1 affect that dearest of national interests the present session; it is a proof that we are character of the nation for justice and following, though with unequal steps, faith. What is destroyed by the slightest be great men who have filled the same speck, can never be sincerely regarded, benches before us. It was their lot to unless it be watched with jealous vigilance. devote themselves lo a life of toilsome, In questions of policy, where inconveni. thankless, and often unpopular opposition, ence is the worst consequence of error, with no stronger allurement to ambition and where much deference may be rea than a chance of a few months of office sonably paid to superior information, there in half a century, and with no other is. is much room for confidence beforehand, ducement to virtue than the faint hope of and for indulgence afterwards; but confi- limiting and mitigating evil; always cerdence respecting a point of honour is a tain that the merit would never be acknow. disregard of honour. Never, certainly, ledged, and generally obliged to seek for was there an occasion when these princi- the best proof of their services in the scur. ples became of more urgent application rility with which they were reviled. To ihan during the deliberations of the Con represent them as partisans of a foreign gress of Vienna. Disposing, as they did, nation, for whom they demanded justice, of rights and interests more momentous was always one of the most effectual than were ever before placed at the disa modesofexciting a vulgar prejudice against posal of a human assembly, is it fit that them. When Mr. Burke and Mr. Fox ex. no channel should be left open by which horted Great Britain to be wise in relation they might learn the opinion of the public to America, and just towards Ireland, they respecting their counsels, and the feelings were called Americans and Irishmen. which their measures excited from Nor. But they considered it as the greatest of way to Andalusia? Were these princes and all human calamities to be unjust. They ministers really desirous, in a situation of thought it worse to inflict tban to suffer tremendous responsibility, to bereave them wrong; and they rightly thought them. selves of the guidance, and release their selves then most really Englishmen, when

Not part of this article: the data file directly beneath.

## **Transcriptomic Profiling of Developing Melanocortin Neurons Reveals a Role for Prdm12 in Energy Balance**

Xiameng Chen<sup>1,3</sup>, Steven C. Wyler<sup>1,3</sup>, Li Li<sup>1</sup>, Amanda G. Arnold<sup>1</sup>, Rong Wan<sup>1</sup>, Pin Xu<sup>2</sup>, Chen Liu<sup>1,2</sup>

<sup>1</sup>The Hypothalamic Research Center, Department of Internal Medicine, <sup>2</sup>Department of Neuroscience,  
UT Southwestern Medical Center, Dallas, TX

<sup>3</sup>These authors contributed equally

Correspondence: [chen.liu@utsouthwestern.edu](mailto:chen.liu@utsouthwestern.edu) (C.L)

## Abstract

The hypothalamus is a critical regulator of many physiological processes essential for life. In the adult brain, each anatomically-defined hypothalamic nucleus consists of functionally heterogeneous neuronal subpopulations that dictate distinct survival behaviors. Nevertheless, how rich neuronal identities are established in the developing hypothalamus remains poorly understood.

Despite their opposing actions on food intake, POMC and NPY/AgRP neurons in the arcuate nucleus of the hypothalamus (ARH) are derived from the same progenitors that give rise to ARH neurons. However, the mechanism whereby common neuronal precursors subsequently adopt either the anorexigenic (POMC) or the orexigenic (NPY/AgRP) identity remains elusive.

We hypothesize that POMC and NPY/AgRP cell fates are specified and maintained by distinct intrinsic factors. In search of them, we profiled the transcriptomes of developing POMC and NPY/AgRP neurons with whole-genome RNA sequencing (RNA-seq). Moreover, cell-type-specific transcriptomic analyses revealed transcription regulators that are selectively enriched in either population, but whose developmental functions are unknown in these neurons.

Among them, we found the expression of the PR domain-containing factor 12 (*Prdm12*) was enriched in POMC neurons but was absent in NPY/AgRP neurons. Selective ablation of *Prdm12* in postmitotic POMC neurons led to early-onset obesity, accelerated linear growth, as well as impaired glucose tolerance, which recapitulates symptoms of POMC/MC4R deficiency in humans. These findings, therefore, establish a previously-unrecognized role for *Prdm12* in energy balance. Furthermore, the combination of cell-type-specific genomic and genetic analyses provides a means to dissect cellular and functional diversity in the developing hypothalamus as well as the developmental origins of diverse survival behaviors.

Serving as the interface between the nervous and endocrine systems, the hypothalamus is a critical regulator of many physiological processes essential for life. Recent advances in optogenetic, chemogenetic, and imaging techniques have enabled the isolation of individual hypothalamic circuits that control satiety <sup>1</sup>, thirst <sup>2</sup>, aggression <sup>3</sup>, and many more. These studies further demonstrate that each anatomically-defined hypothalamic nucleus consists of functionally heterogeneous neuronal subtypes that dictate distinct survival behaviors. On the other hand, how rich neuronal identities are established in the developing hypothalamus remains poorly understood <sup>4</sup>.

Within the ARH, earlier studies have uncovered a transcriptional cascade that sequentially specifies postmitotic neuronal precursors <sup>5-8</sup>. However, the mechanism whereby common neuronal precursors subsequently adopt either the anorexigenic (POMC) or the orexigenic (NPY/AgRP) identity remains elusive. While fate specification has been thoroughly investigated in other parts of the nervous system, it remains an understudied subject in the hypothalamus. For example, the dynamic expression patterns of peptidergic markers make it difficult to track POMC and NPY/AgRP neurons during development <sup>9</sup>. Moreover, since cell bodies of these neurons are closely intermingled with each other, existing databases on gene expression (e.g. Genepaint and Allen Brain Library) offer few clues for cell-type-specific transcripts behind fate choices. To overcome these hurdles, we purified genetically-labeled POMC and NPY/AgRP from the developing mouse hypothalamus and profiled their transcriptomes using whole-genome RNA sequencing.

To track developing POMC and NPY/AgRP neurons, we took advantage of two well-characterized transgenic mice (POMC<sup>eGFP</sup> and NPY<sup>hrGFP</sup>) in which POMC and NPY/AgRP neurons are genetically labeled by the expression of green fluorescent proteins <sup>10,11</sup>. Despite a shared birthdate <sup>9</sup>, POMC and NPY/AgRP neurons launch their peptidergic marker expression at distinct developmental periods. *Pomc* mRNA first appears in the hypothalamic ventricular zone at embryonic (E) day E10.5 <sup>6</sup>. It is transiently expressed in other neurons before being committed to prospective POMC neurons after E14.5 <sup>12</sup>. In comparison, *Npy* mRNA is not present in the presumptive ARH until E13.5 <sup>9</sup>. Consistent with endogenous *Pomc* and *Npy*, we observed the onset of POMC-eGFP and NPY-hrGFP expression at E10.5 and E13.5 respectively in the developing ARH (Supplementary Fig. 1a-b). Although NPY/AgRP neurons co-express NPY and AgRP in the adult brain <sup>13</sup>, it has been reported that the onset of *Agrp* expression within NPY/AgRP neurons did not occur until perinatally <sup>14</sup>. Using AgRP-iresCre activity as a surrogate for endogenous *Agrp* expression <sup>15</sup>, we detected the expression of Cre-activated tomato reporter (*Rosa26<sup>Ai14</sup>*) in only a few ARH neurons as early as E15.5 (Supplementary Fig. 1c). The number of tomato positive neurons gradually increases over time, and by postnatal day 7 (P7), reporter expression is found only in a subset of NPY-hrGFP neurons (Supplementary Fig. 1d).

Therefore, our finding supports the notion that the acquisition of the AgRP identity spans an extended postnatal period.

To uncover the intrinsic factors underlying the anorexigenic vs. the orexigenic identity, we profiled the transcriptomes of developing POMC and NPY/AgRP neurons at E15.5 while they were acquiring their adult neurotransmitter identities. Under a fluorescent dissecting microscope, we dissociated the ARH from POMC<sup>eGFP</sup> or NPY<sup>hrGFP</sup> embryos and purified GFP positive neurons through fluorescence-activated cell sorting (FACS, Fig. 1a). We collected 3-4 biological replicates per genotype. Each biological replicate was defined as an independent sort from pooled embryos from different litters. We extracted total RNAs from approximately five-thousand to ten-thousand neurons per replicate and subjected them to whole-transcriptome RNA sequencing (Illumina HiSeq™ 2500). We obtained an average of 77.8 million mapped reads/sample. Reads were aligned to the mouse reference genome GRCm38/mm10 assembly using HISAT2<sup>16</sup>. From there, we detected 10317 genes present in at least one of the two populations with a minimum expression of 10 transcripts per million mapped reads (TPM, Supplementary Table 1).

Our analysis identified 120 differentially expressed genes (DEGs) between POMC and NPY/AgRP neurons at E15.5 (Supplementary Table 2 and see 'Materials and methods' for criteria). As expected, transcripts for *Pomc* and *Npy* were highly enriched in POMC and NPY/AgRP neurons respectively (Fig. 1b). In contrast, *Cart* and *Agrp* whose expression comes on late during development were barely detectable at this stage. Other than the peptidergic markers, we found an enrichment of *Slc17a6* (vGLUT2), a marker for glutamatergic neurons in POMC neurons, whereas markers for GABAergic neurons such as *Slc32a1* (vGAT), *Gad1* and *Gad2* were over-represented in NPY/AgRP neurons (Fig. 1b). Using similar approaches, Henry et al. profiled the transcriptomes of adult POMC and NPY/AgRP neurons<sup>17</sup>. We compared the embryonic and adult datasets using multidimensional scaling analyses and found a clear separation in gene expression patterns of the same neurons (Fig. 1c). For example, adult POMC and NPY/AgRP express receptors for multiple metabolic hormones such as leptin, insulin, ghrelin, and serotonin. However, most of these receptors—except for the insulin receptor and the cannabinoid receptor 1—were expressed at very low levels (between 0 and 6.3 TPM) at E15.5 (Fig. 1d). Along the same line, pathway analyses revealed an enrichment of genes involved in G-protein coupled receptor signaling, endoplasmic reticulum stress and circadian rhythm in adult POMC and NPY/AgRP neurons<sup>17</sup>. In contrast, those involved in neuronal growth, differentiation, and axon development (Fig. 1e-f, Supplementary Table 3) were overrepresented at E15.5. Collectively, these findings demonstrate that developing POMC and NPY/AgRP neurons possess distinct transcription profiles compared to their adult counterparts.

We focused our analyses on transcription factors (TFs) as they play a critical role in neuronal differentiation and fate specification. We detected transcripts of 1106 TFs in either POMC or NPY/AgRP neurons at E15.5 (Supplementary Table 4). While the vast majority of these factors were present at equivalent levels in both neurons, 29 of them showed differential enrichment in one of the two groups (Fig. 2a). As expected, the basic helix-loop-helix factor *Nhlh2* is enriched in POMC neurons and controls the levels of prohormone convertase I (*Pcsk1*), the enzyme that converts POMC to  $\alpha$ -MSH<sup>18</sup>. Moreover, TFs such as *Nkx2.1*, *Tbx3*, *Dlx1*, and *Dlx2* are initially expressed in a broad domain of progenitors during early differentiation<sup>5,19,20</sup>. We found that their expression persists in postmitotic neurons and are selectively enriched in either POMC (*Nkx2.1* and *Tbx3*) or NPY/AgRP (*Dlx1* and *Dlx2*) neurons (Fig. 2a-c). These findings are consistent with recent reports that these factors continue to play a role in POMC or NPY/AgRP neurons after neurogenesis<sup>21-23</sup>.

[ocr errors]
[ocr errors][ocr errors]

they most laboured to dissuade England it was sometimes as important to establish from tyranny. Afterwards, when Mr. the legality of a power by exercise, as to Burke, with equal disinterestedness as I exercise it well,-than in ihese more fortu. firmly believe, and certainly with suffi- nate periods of defined and acknowledged cient zeal, supported the administration of right, when a mild and indirect intimaMr. Pitt and the war against the Revolu. tion of the opinion of Parliament ought to tion, he did not restrain the freedom which preclude the necessity of resorting to those belonged to his generous character; speak- awful powers, with which they are wisely ing of that very alliance on which all his armed. But though these interpositions hopes were founded, he spoke of it as I of Parliament were more frequent in might speak (if I had his power of lan ancient times, partly from the necessity guage) of the Congress at Vienna: "there of asserting contested right, and more can be no tie of honour in a society for rare in recent periods, parıly from the pillage.” He was perhaps blamed for more submissive character of the House, indecorum, but no one ever made any they are wanting at no time in number other conclusion from his language, than enough to establish the grand priociple that it proved the ardour of his attach of the constitution, that Parliament is ihe ment to that cause which he could not first counsel of the King, in war as well endure to see dishonoured.